I'm so sorry that the mean girls at your school are treating you so badly. Often those girls are people who fear those who are not exactly like them and have a lack of information or misinformation about people of any sexual orientation that isn't straight. You deserve to be treated with respect and to feel safe in your school. It may help to know that there are things that can be done that could help you and the situation in your school. If your school has a Gay-Straight Alliance (GSA) you might attend meetings and get support and work with other students to help make your school a more accepting place. You could consider talking with adults at school such as a teacher, principal, or counselor about what's been going on as it is their job to make sure you are not being bullied and that you feel safe in school. GLSEN (Gay, Lesbian, Straight Education Network) works to ensure safe schools for ALL students. On their website at www.glsen.org click on "what we do" where you can find programs which may help people in your school become more understanding and supportive of you. One program is called "A Day of Silence" which brings attention to anti-LGBT name-calling, bullying and harassment in schools. Each year, the event has grown, now with hundreds of thousands of students coming together to encourage schools and classmates to address the problem of anti-LGBT behavior. Another program is the No Name-Calling Week which is a week of educational activities aimed at ending name-calling of all kinds and providing schools with the tools and inspiration to foster a dialogue about ways to eliminate bullying in their communities. Another resource that can be of help is The Trevor Project's workshop program which contains the film "Trevor" to be used with the workshop guide (which can be downloaded for free) to open up discussions with ALL students about how language and behavior can affect the way an individual feels about themselves. You can find these resources by going to The Trevor Project home page and clicking on "read more" under "parents and educators" or by calling The Trevor Project offices at 310-271-8845. If there is a teacher, school counselor or administrator at your school with whom you feel comfortable, you could talk with them about using these programs to help people become more understanding and accepting of you.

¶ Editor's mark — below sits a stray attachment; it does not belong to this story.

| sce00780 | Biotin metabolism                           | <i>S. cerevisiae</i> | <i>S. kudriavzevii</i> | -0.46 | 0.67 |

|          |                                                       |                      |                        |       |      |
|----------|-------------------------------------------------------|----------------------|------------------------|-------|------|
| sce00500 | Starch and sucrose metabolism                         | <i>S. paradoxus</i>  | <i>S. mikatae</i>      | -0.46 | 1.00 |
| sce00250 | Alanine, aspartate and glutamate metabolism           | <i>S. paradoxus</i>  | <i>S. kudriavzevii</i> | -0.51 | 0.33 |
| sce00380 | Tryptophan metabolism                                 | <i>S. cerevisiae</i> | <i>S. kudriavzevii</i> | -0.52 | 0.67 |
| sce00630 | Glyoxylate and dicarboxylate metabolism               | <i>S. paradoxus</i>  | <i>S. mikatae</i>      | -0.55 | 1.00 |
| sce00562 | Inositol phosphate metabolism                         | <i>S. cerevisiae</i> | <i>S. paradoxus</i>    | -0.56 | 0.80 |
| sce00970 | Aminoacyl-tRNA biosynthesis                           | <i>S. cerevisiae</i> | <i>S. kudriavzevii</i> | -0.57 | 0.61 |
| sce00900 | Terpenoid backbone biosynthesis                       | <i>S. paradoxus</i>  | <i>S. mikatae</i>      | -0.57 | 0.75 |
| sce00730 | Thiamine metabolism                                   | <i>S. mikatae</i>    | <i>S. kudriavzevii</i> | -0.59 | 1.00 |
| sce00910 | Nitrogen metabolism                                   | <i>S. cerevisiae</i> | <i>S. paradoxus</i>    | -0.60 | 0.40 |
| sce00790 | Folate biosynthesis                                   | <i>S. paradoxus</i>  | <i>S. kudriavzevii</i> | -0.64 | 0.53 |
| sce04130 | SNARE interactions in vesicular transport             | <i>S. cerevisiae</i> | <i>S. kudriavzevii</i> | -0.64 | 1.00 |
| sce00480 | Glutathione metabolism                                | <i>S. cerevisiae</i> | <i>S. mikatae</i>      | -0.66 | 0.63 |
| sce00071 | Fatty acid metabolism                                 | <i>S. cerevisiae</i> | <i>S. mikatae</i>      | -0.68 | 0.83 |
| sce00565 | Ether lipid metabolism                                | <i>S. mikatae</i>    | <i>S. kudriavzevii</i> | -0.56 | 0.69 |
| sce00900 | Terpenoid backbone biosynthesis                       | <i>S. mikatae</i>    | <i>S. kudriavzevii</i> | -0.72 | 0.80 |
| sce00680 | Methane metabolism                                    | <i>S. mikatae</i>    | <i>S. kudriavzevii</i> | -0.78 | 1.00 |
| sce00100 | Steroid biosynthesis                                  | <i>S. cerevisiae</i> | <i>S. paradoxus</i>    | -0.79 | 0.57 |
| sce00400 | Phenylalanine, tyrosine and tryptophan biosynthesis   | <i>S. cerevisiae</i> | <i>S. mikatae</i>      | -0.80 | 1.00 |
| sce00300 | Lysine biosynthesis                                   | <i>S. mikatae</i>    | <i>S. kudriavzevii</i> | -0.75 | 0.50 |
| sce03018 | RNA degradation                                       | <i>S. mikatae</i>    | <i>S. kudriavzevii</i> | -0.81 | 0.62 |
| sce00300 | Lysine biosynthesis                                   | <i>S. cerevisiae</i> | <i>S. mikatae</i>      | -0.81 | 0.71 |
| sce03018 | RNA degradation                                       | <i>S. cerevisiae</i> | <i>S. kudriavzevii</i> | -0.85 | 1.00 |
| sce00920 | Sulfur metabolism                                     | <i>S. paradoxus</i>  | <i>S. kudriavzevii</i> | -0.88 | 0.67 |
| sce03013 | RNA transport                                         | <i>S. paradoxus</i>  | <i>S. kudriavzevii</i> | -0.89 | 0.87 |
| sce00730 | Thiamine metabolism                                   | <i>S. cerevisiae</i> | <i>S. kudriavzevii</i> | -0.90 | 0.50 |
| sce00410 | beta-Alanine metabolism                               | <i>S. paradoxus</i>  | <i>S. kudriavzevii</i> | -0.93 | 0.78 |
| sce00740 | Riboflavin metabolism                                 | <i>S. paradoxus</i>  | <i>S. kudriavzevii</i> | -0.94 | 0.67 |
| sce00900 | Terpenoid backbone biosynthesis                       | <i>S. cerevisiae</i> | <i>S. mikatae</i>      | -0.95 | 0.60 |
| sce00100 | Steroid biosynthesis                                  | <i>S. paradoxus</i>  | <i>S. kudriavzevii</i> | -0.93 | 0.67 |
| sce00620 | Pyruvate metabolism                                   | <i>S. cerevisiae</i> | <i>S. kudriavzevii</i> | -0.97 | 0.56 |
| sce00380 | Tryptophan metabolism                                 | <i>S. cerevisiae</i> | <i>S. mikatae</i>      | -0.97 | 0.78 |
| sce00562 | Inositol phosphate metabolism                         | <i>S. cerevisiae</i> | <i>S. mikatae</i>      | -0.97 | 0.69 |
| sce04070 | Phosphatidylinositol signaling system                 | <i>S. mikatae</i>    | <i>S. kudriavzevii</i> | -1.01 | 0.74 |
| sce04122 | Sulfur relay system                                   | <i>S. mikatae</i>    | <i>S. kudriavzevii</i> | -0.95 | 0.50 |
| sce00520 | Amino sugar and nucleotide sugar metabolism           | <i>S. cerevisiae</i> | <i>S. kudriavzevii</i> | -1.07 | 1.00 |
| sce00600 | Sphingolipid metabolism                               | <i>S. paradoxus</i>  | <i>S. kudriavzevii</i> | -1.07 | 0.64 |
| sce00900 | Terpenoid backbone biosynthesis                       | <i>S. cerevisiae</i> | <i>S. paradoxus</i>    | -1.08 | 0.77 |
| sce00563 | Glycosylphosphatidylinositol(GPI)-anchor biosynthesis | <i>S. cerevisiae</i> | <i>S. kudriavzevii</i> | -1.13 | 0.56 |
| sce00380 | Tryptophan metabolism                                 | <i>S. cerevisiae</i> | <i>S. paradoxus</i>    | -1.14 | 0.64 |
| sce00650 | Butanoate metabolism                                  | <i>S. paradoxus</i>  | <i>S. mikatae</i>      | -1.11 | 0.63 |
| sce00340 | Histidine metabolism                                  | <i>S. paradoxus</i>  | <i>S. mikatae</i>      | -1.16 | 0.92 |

It sounds as if your friends are very supportive which is wonderful. In addition, it might help to communicate with other LGBT (lesbian, gay, bisexual, transgender) young people who are confronted with many of the same issues you face every day and learn what has help them. You could join TrevorSpace at www.trevorspace.org the Trevor Project's safe online social networking site for LGBTQ young people ages 13 to 24 their friends and allies. There is also a special site at www.biresource.net which dedicated to those who have come out as bisexual. On it you will find links to literature and other information specifically created for those who are facing similar challenges. In fact, if you click on “Bisexual Resources” at the top of the page, you can even find resources right there in the city of Boston!
For additional support, you can always call the Trevor Helpline at 1-866-4-U-TREVOR (866.488.7386) for help, suggestions or just someone to listen. Our understanding counselors are here for you 24 hours, 7 days a week and you can speak with someone who really cares and who can offer help with dealing with those “mean girls” and with coming out to your mother should you ever choose to take steps in that direction. Again, I want to say how brave you are for standing up for yourself and staying determined to be YOU. Please know that you are not alone and that we’re always here for help and support at The Trevor Project.